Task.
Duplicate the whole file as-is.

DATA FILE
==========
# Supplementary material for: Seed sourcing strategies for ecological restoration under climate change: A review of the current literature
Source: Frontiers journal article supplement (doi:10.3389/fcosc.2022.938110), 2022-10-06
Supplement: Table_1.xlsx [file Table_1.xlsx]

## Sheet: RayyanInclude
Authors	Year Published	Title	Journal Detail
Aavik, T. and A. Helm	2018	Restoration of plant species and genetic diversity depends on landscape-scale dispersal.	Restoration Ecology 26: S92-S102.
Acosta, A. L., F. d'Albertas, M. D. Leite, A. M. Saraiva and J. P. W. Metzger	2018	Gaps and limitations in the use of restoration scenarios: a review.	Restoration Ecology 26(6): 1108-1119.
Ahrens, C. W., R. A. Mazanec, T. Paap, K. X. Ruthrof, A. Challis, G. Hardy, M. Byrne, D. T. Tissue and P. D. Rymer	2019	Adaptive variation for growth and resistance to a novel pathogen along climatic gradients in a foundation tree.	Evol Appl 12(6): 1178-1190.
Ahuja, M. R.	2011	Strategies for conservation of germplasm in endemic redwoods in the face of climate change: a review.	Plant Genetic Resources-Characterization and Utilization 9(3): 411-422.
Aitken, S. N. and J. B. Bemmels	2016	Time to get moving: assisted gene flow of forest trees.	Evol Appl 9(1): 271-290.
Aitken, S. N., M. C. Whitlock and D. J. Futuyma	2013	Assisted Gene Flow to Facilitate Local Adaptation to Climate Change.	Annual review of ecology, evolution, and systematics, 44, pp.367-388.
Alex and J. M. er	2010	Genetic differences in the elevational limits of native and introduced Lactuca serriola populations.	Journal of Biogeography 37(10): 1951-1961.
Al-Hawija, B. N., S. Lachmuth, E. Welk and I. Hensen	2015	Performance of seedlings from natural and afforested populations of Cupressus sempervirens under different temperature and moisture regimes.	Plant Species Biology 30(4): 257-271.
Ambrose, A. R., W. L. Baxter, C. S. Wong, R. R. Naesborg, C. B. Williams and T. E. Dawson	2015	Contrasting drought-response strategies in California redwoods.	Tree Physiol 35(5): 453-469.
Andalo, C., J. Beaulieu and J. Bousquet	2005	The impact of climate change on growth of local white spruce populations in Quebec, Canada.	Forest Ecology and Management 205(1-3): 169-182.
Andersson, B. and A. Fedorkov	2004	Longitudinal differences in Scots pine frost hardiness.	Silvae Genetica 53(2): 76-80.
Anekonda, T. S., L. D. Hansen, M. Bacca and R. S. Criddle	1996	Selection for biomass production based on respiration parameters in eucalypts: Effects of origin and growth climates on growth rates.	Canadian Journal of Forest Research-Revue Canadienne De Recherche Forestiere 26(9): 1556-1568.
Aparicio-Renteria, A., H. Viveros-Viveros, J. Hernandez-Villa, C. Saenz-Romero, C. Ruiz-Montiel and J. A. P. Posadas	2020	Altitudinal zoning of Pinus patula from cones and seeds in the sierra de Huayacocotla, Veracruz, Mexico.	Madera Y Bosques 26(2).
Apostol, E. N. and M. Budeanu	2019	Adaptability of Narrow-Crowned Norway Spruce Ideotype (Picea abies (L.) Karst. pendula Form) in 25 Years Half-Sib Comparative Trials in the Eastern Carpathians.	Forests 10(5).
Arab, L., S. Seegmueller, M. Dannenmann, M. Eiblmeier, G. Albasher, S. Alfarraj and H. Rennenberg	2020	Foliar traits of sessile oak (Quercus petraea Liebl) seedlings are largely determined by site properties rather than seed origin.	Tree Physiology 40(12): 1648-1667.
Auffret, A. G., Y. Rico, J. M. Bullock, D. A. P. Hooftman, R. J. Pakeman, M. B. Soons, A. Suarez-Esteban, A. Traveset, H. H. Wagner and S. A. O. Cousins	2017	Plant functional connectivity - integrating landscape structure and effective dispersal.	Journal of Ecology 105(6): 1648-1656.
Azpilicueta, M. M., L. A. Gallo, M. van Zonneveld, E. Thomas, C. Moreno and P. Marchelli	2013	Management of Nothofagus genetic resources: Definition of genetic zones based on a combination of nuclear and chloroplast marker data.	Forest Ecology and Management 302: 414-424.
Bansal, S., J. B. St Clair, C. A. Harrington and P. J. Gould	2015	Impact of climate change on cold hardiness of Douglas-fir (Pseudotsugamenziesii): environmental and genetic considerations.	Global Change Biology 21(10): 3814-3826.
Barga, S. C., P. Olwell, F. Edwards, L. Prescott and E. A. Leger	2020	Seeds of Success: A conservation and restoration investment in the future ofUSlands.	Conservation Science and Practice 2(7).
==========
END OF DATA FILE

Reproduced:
# Supplementary material for: Seed sourcing strategies for ecological restoration under climate change: A review of the current literature
Source: Frontiers journal article supplement (doi:10.3389/fcosc.2022.938110), 2022-10-06
Supplement: Table_1.xlsx [file Table_1.xlsx]

## Sheet: RayyanInclude
Authors	Year Published	Title	Journal Detail
Aavik, T. and A. Helm	2018	Restoration of plant species and genetic diversity depends on landscape-scale dispersal.	Restoration Ecology 26: S92-S102.
Acosta, A. L., F. d'Albertas, M. D. Leite, A. M. Saraiva and J. P. W. Metzger	2018	Gaps and limitations in the use of restoration scenarios: a review.	Restoration Ecology 26(6): 1108-1119.
Ahrens, C. W., R. A. Mazanec, T. Paap, K. X. Ruthrof, A. Challis, G. Hardy, M. Byrne, D. T. Tissue and P. D. Rymer	2019	Adaptive variation for growth and resistance to a novel pathogen along climatic gradients in a foundation tree.	Evol Appl 12(6): 1178-1190.
Ahuja, M. R.	2011	Strategies for conservation of germplasm in endemic redwoods in the face of climate change: a review.	Plant Genetic Resources-Characterization and Utilization 9(3): 411-422.
Aitken, S. N. and J. B. Bemmels	2016	Time to get moving: assisted gene flow of forest trees.	Evol Appl 9(1): 271-290.
Aitken, S. N., M. C. Whitlock and D. J. Futuyma	2013	Assisted Gene Flow to Facilitate Local Adaptation to Climate Change.	Annual review of ecology, evolution, and systematics, 44, pp.367-388.
Alex and J. M. er	2010	Genetic differences in the elevational limits of native and introduced Lactuca serriola populations.	Journal of Biogeography 37(10): 1951-1961.
Al-Hawija, B. N., S. Lachmuth, E. Welk and I. Hensen	2015	Performance of seedlings from natural and afforested populations of Cupressus sempervirens under different temperature and moisture regimes.	Plant Species Biology 30(4): 257-271.
Ambrose, A. R., W. L. Baxter, C. S. Wong, R. R. Naesborg, C. B. Williams and T. E. Dawson	2015	Contrasting drought-response strategies in California redwoods.	Tree Physiol 35(5): 453-469.
Andalo, C., J. Beaulieu and J. Bousquet	2005	The impact of climate change on growth of local white spruce populations in Quebec, Canada.	Forest Ecology and Management 205(1-3): 169-182.
Andersson, B. and A. Fedorkov	2004	Longitudinal differences in Scots pine frost hardiness.	Silvae Genetica 53(2): 76-80.
Anekonda, T. S., L. D. Hansen, M. Bacca and R. S. Criddle	1996	Selection for biomass production based on respiration parameters in eucalypts: Effects of origin and growth climates on growth rates.	Canadian Journal of Forest Research-Revue Canadienne De Recherche Forestiere 26(9): 1556-1568.
Aparicio-Renteria, A., H. Viveros-Viveros, J. Hernandez-Villa, C. Saenz-Romero, C. Ruiz-Montiel and J. A. P. Posadas	2020	Altitudinal zoning of Pinus patula from cones and seeds in the sierra de Huayacocotla, Veracruz, Mexico.	Madera Y Bosques 26(2).
Apostol, E. N. and M. Budeanu	2019	Adaptability of Narrow-Crowned Norway Spruce Ideotype (Picea abies (L.) Karst. pendula Form) in 25 Years Half-Sib Comparative Trials in the Eastern Carpathians.	Forests 10(5).
Arab, L., S. Seegmueller, M. Dannenmann, M. Eiblmeier, G. Albasher, S. Alfarraj and H. Rennenberg	2020	Foliar traits of sessile oak (Quercus petraea Liebl) seedlings are largely determined by site properties rather than seed origin.	Tree Physiology 40(12): 1648-1667.
Auffret, A. G., Y. Rico, J. M. Bullock, D. A. P. Hooftman, R. J. Pakeman, M. B. Soons, A. Suarez-Esteban, A. Traveset, H. H. Wagner and S. A. O. Cousins	2017	Plant functional connectivity - integrating landscape structure and effective dispersal.	Journal of Ecology 105(6): 1648-1656.
Azpilicueta, M. M., L. A. Gallo, M. van Zonneveld, E. Thomas, C. Moreno and P. Marchelli	2013	Management of Nothofagus genetic resources: Definition of genetic zones based on a combination of nuclear and chloroplast marker data.	Forest Ecology and Management 302: 414-424.
Bansal, S., J. B. St Clair, C. A. Harrington and P. J. Gould	2015	Impact of climate change on cold hardiness of Douglas-fir (Pseudotsugamenziesii): environmental and genetic considerations.	Global Change Biology 21(10): 3814-3826.
Barga, S. C., P. Olwell, F. Edwards, L. Prescott and E. A. Leger	2020	Seeds of Success: A conservation and restoration investment in the future ofUSlands.	Conservation Science and Practice 2(7).